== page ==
Located on Irimote, the second-largest island in Okinawa prefecture, Hoshizuna-no-Hama doesn’t look too different than the hundreds of other beaches in the Japanese archipelago, at least at first glance. Closer inspection reveals that many of the sand grains have a very recognizable shape – either a five or six-tipped star. That’s because Hoshizuna-no-Hama beach consists in part of billions of exoskeleton of foraminifers, marine protozoa that thrives on the ocean floor. Their calcium carbonate shells remain behind after their death and are constantly washed ashore by the ocean, creating this stunning natural wonder.

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Devil’s Bath – New Zealand’s Neon Green Sulphur Pond

New Zealand’s Wai-O-Tapu volcanic area offers no shortage of intriguing natural wonders, but perhaps the most eye-catching one is Devil’s Bath, a bright green pond full of sulfur-infused stink water.

Devil’s Bath gets its color from a combination of hydrogen sulfide gases and ferrous salts. The shade  and intensity of the green sludge depends on the inclination of the sun’s rays and the amount of minerals present in the water at any given moment, but there’s never a day that the green body of water doesn’t look weird compared to what you’d expect a pond to look like. And then there is the smell of this charming attraction, which is best described as half sewer, half rotten egg. So yeah, Devil’s Bath sounds like an appropriate name…

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Kagami Numa – Japan’s Magical Dragon’s Eye Lake

Kagami Numa is a mythical Japanese lake that turns into a giant eye every spring, during the thawing process, hence its nickname, Dragon’s Eye Lake.

Located near the summit of Mount Hachimantai in north-eastern Japan, in the middle of a dense forest, Kagami Numa doesn’t look much different than the many other volcanic lakes in the area, most of the year. But for about a week – ate May to early June – it turns into a giant blue eye that inspired its intriguing nickname, Dragon’s Eye Lake. The unique appearance of the circular lake during this one week has inspired a legend of two dragons in love that chose this body of water as their meeting spot.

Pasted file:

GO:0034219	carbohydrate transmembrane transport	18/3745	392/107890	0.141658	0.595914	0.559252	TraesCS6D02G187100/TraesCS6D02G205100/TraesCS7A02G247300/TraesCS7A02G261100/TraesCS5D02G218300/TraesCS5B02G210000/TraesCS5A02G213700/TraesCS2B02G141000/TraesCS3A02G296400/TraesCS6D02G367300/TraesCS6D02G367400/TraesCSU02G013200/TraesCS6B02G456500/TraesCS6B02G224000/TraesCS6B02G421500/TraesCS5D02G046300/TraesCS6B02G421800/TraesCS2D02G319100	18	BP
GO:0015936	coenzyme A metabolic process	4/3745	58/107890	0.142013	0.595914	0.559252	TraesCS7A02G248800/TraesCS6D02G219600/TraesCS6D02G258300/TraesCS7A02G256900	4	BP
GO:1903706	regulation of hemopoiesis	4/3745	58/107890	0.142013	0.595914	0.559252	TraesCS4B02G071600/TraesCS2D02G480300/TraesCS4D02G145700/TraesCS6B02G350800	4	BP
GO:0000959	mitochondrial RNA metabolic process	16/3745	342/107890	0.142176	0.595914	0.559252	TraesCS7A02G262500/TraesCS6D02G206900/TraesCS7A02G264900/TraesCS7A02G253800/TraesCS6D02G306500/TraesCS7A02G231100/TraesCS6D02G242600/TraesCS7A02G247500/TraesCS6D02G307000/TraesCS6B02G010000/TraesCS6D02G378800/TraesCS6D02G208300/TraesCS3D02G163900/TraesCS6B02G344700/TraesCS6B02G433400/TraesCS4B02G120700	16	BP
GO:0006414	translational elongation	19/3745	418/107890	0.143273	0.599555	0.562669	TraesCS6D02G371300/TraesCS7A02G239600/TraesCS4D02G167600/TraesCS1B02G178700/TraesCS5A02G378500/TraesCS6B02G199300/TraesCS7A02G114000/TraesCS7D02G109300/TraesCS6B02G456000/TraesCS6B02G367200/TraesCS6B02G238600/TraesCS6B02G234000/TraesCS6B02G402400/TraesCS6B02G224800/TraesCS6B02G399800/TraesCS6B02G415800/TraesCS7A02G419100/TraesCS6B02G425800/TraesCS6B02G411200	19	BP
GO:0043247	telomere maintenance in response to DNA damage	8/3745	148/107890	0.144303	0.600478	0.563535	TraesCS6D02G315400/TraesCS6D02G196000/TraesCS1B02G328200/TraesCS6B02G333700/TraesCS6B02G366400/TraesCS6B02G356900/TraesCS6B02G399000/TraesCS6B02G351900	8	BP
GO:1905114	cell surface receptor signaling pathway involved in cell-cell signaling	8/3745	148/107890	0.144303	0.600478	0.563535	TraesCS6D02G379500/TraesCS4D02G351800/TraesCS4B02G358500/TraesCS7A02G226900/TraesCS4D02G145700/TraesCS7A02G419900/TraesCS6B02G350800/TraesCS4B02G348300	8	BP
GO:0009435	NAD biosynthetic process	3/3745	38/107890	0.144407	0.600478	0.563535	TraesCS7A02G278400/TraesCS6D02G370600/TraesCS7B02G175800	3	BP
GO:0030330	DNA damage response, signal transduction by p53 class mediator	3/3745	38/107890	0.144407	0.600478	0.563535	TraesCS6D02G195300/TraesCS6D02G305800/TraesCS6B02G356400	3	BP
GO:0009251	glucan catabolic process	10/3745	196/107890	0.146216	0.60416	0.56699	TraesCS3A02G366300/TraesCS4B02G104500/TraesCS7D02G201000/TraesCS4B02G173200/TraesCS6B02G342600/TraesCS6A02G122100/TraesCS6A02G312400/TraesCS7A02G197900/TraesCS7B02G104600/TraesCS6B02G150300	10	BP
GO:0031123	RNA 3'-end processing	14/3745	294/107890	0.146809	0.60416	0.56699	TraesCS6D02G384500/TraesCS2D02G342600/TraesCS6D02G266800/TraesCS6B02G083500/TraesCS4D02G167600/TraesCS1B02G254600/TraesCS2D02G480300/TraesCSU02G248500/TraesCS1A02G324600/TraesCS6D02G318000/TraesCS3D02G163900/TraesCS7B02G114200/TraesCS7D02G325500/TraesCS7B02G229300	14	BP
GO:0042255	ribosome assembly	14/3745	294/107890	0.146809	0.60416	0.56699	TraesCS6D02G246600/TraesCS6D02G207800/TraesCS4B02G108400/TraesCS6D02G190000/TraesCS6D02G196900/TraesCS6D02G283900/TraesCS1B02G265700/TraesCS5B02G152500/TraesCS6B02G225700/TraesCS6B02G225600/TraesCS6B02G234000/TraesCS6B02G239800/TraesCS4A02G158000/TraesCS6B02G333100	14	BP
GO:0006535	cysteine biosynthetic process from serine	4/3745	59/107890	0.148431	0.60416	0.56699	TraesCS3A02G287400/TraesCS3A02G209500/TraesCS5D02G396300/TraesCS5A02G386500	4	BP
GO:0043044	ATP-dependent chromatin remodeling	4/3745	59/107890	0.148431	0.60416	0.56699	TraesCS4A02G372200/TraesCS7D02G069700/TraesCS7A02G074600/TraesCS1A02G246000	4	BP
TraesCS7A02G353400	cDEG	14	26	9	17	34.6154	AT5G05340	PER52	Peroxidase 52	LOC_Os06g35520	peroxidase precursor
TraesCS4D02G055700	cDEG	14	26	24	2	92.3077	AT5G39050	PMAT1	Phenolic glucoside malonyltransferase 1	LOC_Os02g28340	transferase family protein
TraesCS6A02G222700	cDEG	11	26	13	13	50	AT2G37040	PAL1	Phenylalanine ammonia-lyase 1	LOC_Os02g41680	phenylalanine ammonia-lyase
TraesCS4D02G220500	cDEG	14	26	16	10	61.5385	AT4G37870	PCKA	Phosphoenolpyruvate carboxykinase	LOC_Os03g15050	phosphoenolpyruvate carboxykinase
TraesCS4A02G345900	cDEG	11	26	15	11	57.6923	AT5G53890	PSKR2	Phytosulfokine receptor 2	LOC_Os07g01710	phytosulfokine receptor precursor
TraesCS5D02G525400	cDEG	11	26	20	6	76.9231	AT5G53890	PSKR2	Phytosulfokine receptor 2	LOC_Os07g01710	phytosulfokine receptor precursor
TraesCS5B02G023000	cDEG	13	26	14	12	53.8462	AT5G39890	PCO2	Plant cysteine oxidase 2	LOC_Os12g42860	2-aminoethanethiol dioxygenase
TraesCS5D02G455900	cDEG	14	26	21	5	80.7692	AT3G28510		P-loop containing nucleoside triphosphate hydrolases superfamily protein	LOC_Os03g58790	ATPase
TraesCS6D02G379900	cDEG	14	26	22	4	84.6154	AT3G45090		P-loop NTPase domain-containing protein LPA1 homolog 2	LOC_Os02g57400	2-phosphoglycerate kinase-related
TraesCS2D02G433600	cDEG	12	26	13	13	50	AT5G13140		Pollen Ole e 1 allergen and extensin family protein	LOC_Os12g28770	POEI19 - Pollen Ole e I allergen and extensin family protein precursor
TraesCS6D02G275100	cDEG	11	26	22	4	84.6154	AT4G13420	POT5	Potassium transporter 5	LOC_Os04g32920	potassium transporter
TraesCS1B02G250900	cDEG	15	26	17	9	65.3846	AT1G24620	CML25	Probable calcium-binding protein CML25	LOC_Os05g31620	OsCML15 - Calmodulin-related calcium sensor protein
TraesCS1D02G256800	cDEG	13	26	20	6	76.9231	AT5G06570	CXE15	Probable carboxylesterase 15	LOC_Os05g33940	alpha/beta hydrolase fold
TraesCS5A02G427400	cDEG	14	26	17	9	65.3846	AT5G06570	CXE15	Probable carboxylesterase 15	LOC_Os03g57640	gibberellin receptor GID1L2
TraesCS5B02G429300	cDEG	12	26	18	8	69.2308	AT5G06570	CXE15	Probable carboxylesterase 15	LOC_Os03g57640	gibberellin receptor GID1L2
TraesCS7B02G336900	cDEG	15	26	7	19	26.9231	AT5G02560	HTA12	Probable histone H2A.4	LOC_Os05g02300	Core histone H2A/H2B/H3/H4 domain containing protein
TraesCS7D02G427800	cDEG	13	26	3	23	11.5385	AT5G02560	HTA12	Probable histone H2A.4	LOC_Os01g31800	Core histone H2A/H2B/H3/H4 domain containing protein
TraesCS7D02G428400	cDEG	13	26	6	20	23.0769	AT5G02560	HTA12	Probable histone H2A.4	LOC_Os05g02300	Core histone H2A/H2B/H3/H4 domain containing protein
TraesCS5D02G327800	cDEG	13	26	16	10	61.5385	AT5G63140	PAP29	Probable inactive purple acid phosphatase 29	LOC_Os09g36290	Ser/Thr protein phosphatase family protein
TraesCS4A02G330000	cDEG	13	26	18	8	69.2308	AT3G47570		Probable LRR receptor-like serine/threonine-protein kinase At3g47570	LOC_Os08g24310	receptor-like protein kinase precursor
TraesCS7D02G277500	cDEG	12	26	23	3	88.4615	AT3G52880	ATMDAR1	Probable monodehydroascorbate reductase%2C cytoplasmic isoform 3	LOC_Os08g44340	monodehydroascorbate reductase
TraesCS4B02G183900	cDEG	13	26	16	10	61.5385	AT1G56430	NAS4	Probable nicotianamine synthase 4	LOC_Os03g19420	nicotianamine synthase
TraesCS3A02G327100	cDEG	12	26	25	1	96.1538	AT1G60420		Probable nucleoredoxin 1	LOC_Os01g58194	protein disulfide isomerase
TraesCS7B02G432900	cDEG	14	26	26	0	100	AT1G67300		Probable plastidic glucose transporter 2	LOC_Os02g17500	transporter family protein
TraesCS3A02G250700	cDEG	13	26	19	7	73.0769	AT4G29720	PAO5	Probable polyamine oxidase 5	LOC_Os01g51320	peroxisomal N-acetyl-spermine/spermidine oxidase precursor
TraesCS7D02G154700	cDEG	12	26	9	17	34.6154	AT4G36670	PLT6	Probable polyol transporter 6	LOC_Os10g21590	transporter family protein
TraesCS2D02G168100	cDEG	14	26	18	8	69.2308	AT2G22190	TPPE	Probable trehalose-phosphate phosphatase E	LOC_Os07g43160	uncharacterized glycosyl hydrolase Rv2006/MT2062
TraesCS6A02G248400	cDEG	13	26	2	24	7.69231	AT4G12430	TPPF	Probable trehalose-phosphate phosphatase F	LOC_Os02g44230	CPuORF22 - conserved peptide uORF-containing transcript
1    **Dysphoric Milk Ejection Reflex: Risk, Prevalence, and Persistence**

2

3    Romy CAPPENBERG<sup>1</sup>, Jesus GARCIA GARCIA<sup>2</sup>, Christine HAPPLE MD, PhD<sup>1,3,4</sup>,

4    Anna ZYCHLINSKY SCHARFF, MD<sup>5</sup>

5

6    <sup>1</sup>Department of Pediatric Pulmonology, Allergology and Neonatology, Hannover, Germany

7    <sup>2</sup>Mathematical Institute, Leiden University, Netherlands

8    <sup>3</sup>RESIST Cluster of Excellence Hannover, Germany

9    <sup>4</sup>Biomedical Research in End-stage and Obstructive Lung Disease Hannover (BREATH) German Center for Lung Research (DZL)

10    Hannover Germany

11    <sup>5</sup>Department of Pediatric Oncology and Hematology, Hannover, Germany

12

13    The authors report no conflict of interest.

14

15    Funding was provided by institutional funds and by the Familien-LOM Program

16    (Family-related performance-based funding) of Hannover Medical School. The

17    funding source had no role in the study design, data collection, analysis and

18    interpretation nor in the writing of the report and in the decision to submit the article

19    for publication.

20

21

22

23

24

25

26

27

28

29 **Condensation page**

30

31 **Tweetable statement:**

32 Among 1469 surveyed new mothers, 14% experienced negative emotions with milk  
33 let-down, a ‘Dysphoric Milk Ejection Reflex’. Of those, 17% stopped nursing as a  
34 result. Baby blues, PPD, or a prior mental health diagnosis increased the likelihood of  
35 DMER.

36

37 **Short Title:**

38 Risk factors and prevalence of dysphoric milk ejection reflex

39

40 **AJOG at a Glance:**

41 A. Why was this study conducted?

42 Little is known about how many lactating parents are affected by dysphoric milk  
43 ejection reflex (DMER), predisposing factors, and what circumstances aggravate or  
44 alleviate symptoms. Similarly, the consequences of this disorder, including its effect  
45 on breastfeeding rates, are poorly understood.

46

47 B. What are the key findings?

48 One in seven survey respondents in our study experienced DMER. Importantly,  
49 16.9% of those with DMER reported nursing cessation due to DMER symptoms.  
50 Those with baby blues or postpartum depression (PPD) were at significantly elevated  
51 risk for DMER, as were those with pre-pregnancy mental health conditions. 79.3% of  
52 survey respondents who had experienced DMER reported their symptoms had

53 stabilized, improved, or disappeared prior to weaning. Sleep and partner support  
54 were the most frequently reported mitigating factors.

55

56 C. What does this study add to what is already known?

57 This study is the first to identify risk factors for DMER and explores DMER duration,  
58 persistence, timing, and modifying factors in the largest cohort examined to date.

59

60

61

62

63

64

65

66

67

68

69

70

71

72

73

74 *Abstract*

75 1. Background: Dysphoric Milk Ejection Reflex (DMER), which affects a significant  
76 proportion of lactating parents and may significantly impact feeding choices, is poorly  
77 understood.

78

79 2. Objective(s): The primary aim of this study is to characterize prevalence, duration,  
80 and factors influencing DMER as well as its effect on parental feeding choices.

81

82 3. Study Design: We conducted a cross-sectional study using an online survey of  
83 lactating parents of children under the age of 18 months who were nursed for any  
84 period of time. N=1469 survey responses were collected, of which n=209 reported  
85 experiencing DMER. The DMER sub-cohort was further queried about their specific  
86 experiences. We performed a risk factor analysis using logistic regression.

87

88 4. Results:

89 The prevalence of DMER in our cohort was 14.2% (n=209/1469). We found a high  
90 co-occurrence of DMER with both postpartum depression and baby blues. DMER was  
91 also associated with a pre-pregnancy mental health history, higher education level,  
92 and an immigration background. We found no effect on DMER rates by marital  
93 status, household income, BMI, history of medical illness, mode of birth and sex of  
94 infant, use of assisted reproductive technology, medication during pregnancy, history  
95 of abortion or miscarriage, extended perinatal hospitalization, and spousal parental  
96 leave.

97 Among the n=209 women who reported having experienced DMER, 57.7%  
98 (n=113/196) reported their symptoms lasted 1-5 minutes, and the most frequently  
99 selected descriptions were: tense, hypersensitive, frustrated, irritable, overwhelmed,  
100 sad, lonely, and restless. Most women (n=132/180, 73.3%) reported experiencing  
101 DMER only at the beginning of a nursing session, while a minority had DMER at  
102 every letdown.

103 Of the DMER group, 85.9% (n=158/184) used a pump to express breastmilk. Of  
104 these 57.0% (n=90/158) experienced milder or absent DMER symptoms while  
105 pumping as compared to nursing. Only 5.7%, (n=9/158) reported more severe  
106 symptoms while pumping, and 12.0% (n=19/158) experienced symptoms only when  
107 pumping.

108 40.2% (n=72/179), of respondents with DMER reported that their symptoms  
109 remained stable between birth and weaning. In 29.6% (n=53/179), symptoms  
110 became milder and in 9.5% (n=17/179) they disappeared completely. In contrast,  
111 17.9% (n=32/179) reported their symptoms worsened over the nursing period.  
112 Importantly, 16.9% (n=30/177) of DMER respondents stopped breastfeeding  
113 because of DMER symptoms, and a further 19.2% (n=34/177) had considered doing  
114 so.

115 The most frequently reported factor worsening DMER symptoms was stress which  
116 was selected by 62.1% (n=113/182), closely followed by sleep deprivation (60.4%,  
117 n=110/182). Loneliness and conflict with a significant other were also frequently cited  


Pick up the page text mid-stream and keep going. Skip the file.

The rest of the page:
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“Tree of Life” Grows on Salt Island in the Middle of the Dead Sea

A tree seemingly growing out of a pristine white salt island in the heart of the Dead Sea isn’t something you’d expect to see when visiting the world’s saltiest body of water, and yet that’s exactly the sight you’re treated to near the beach of Ein Bokek.

With a salt concentration over 10 times that of the ocean, the Dead Sea is incapable of sustaining any plant or animal life, so come there’s a tree growing there, and on an island made of salt, of all places? Within swimming distance of the beach in Ein Bokek, an Israeli resort near Arad, lies the iconic Dead Sea Salt Island, a surreal natural formation made of dazzling white salt and surrounded by turquoise water. At its center are a pool of shallow, inviting water, and a tree that has no place being there. And yet…

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Abandoned Building Mysteriously Shows Up on El Salvador Beach

A mysterious ruined villa was recently discovered on a beach in Costa del Sol, El Salvador, leaving tourists scratching their heads at how it got there.

One of the last things you would expect to find washed up on a tropical beach is a concrete villa, and yet that’s exactly the kind of bizarre attraction that beachgoers at the picturesque La Puntilla Beach are treated to these days. It’s unclear how the abandoned home ended up on the popular beach, but it seems to have been there a while, as it is covered up with what appears like recent graffiti. One of the most popular theories is that the villa was the victim of a powerful hurricane that his El Salvador over two decades ago.

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The Florida Goblet – A Eucalyptus Plantation With a Very Unique Shape